The T-6 Texan II is used by both the Mexican Air Force (Fuerza Aérea Mexicana) and the Mexican Navy (Armada de México). A total of 12 T-6C+ aircraft have been delivered to the Mexican Air Force, while the Navy operates only two. 

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New Zealand

New Zealand operates a fleet of eleven Texan IIs from its RNZAF Base Ohakea in Manawatu. The T-6 also displays its flying chops with the official New Zealand demonstration team, the Black Falcons


The Royal Thai Air Force operates a fleet of 12 T-6 Texan IIs for training and a fleet of AT-6 Wolverines for attack missions. 

The United Kingdom

Our long-time ally the UK, flies a fleet of 14 T-6s from Anglesey, Wales, for their Base Fast Jet Training course. 

The FMS Process to Get T-6s to Tunisia 

The Foreign Military Sales (FMS) process is complex and lengthy, but it is designed to ensure that the United States government provides its allies with the best possible military equipment and services. The FMS process begins with a request from a foreign government for specific military equipment or services. 

The U.S. Department of Defense (DoD) then reviews the request. If the DoD approves the request, it will prepare a formal offer to the foreign government. The offer includes detailed information about the equipment or services and the sale terms and conditions.

Once the foreign government accepts the offer, the DoD will begin transferring the equipment or services. Depending on the complexity of the sale, this process can take several months or even years. 

The FMS process is often used to sell military aircraft like the T-6 Texan II (although it is certainly not limited to aircraft). In 2023, Tunisia became the latest country to acquire T-6 Texans through the FMS process. The Tunisian Air Force received a total of eight T-6 Texans, which were used to replace their aging fleet of T-37 Tweets. While the Tweet is an excellent trainer in its own right, it is long overdue for replacement.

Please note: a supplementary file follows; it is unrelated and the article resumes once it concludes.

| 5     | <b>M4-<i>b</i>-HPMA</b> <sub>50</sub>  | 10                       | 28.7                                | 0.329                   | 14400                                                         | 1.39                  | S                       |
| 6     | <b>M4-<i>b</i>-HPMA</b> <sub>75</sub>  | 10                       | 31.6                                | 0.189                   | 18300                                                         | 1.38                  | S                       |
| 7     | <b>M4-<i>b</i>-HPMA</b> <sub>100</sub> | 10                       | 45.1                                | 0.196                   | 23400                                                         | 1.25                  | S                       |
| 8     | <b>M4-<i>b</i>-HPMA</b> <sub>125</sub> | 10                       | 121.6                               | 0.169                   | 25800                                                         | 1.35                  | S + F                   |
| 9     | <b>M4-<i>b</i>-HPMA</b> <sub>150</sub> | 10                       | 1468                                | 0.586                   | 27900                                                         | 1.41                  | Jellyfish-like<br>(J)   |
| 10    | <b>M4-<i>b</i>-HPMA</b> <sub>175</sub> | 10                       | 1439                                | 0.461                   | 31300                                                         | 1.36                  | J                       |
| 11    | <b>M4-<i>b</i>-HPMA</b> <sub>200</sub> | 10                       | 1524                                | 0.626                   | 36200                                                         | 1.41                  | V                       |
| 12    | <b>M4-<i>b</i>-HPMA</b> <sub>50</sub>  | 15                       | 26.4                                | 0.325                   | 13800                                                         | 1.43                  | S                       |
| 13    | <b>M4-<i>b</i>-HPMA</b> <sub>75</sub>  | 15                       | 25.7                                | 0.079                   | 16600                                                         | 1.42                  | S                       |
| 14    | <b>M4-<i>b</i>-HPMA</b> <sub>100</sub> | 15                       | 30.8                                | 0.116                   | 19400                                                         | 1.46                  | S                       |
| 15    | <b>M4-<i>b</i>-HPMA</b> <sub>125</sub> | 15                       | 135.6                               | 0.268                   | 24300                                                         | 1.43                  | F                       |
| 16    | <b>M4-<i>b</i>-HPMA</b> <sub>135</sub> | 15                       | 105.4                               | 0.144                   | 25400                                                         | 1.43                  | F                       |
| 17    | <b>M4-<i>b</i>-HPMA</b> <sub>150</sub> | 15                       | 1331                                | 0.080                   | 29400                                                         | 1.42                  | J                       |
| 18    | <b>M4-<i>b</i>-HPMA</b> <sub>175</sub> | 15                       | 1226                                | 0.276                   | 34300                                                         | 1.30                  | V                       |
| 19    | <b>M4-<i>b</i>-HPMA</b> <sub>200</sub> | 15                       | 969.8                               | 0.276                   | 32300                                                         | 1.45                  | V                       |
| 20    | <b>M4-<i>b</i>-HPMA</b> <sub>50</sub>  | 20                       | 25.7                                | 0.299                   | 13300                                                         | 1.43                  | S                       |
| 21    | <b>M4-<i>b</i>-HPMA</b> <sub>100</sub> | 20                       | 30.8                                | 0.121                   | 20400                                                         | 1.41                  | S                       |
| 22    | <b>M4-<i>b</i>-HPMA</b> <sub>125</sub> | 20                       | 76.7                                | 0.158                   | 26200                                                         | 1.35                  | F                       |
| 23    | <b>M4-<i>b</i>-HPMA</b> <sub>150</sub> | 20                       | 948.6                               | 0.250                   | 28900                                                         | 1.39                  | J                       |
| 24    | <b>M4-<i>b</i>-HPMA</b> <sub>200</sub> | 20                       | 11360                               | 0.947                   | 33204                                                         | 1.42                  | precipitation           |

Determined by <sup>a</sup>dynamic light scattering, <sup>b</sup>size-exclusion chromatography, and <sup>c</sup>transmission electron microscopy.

The FMS process is vital for the U.S. government to provide its allies with the military equipment and services they need to defend themselves and promote global stability and security. We can ensure that our allies not only have the military goods and services to succeed but are also largely compatible with our equipment. 

What Services, Military Articles, or Support Will Tunisia Need or Receive? 

This question is tough to gauge without looking at the actual contract. 

Every single FMS deal is different, but generally speaking, something like this will include:

  • The aircraft itself
  • Supply of spare parts
  • Pilot training so Tunisian instructor pilots can “train the trainer” in U.S. military terms. 
  • All engineering and technical documents, technical orders, and other associated articles are accessible. 

The idea is to supply enough spares, parts, and services to sustain the military item (in this case, an aircraft) for the first few years of service with its foreign military operator. The goal is for our allies to be fully self-sufficient, but with the understanding that it takes some time to get their logistics in order.

Parting Thoughts

Greenwood Aerospace is your trusted ITAR-certified parts provider. We have over forty years of experience in government procurement and have worked with dozens of organizations and friendly nations to ensure that products, parts, and services are provided when and where they are needed. 

Call us today at (580) 762-2580 to start the process or start an online quote